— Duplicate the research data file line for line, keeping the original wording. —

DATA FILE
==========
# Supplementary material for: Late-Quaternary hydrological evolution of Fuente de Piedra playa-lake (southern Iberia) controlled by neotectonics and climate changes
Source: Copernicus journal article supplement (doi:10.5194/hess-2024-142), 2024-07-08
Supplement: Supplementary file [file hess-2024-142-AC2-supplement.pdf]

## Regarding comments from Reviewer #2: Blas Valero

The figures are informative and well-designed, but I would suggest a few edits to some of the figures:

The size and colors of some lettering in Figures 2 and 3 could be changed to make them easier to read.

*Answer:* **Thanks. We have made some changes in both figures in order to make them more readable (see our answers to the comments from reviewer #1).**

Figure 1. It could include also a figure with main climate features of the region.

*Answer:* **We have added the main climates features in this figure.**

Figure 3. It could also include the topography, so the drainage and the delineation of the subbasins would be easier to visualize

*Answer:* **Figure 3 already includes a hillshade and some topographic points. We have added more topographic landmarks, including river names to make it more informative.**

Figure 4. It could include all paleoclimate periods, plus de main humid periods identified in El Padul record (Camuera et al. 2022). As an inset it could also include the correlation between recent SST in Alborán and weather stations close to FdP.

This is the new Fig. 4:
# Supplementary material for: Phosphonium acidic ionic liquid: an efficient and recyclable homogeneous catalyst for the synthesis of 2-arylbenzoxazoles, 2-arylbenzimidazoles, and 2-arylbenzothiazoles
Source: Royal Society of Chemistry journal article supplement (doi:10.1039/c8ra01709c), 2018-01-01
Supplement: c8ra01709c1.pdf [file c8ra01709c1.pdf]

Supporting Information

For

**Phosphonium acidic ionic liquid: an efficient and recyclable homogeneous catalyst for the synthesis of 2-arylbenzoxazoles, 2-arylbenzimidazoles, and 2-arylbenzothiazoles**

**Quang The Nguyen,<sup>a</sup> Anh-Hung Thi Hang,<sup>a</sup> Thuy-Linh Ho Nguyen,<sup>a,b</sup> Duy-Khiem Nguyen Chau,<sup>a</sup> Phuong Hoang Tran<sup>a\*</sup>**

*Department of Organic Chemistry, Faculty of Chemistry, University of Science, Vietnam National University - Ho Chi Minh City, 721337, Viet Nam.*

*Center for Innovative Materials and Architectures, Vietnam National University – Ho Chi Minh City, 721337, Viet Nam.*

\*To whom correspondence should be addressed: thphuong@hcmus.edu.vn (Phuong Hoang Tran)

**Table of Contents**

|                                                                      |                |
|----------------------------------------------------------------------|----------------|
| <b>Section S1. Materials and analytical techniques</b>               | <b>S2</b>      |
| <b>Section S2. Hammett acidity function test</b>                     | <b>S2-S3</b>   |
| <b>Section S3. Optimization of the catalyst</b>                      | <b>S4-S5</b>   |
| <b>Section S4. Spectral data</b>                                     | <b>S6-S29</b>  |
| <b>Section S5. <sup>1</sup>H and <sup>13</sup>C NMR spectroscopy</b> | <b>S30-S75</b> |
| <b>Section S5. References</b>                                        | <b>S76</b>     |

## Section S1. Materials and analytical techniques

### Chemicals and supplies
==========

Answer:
# Supplementary material for: Late-Quaternary hydrological evolution of Fuente de Piedra playa-lake (southern Iberia) controlled by neotectonics and climate changes
Source: Copernicus journal article supplement (doi:10.5194/hess-2024-142), 2024-07-08
Supplement: Supplementary file [file hess-2024-142-AC2-supplement.pdf]

## Regarding comments from Reviewer #2: Blas Valero

The figures are informative and well-designed, but I would suggest a few edits to some of the figures:

The size and colors of some lettering in Figures 2 and 3 could be changed to make them easier to read.

*Answer:* **Thanks. We have made some changes in both figures in order to make them more readable (see our answers to the comments from reviewer #1).**

Figure 1. It could include also a figure with main climate features of the region.

*Answer:* **We have added the main climates features in this figure.**

Figure 3. It could also include the topography, so the drainage and the delineation of the subbasins would be easier to visualize

*Answer:* **Figure 3 already includes a hillshade and some topographic points. We have added more topographic landmarks, including river names to make it more informative.**

Figure 4. It could include all paleoclimate periods, plus de main humid periods identified in El Padul record (Camuera et al. 2022). As an inset it could also include the correlation between recent SST in Alborán and weather stations close to FdP.

This is the new Fig. 4:
# Supplementary material for: Phosphonium acidic ionic liquid: an efficient and recyclable homogeneous catalyst for the synthesis of 2-arylbenzoxazoles, 2-arylbenzimidazoles, and 2-arylbenzothiazoles
Source: Royal Society of Chemistry journal article supplement (doi:10.1039/c8ra01709c), 2018-01-01
Supplement: c8ra01709c1.pdf [file c8ra01709c1.pdf]

Supporting Information

For

**Phosphonium acidic ionic liquid: an efficient and recyclable homogeneous catalyst for the synthesis of 2-arylbenzoxazoles, 2-arylbenzimidazoles, and 2-arylbenzothiazoles**

**Quang The Nguyen,<sup>a</sup> Anh-Hung Thi Hang,<sup>a</sup> Thuy-Linh Ho Nguyen,<sup>a,b</sup> Duy-Khiem Nguyen Chau,<sup>a</sup> Phuong Hoang Tran<sup>a\*</sup>**

*Department of Organic Chemistry, Faculty of Chemistry, University of Science, Vietnam National University - Ho Chi Minh City, 721337, Viet Nam.*

*Center for Innovative Materials and Architectures, Vietnam National University – Ho Chi Minh City, 721337, Viet Nam.*

\*To whom correspondence should be addressed: thphuong@hcmus.edu.vn (Phuong Hoang Tran)

**Table of Contents**

|                                                                      |                |
|----------------------------------------------------------------------|----------------|
| <b>Section S1. Materials and analytical techniques</b>               | <b>S2</b>      |
| <b>Section S2. Hammett acidity function test</b>                     | <b>S2-S3</b>   |
| <b>Section S3. Optimization of the catalyst</b>                      | <b>S4-S5</b>   |
| <b>Section S4. Spectral data</b>                                     | <b>S6-S29</b>  |
| <b>Section S5. <sup>1</sup>H and <sup>13</sup>C NMR spectroscopy</b> | <b>S30-S75</b> |
| <b>Section S5. References</b>                                        | <b>S76</b>     |

## Section S1. Materials and analytical techniques

### Chemicals and supplies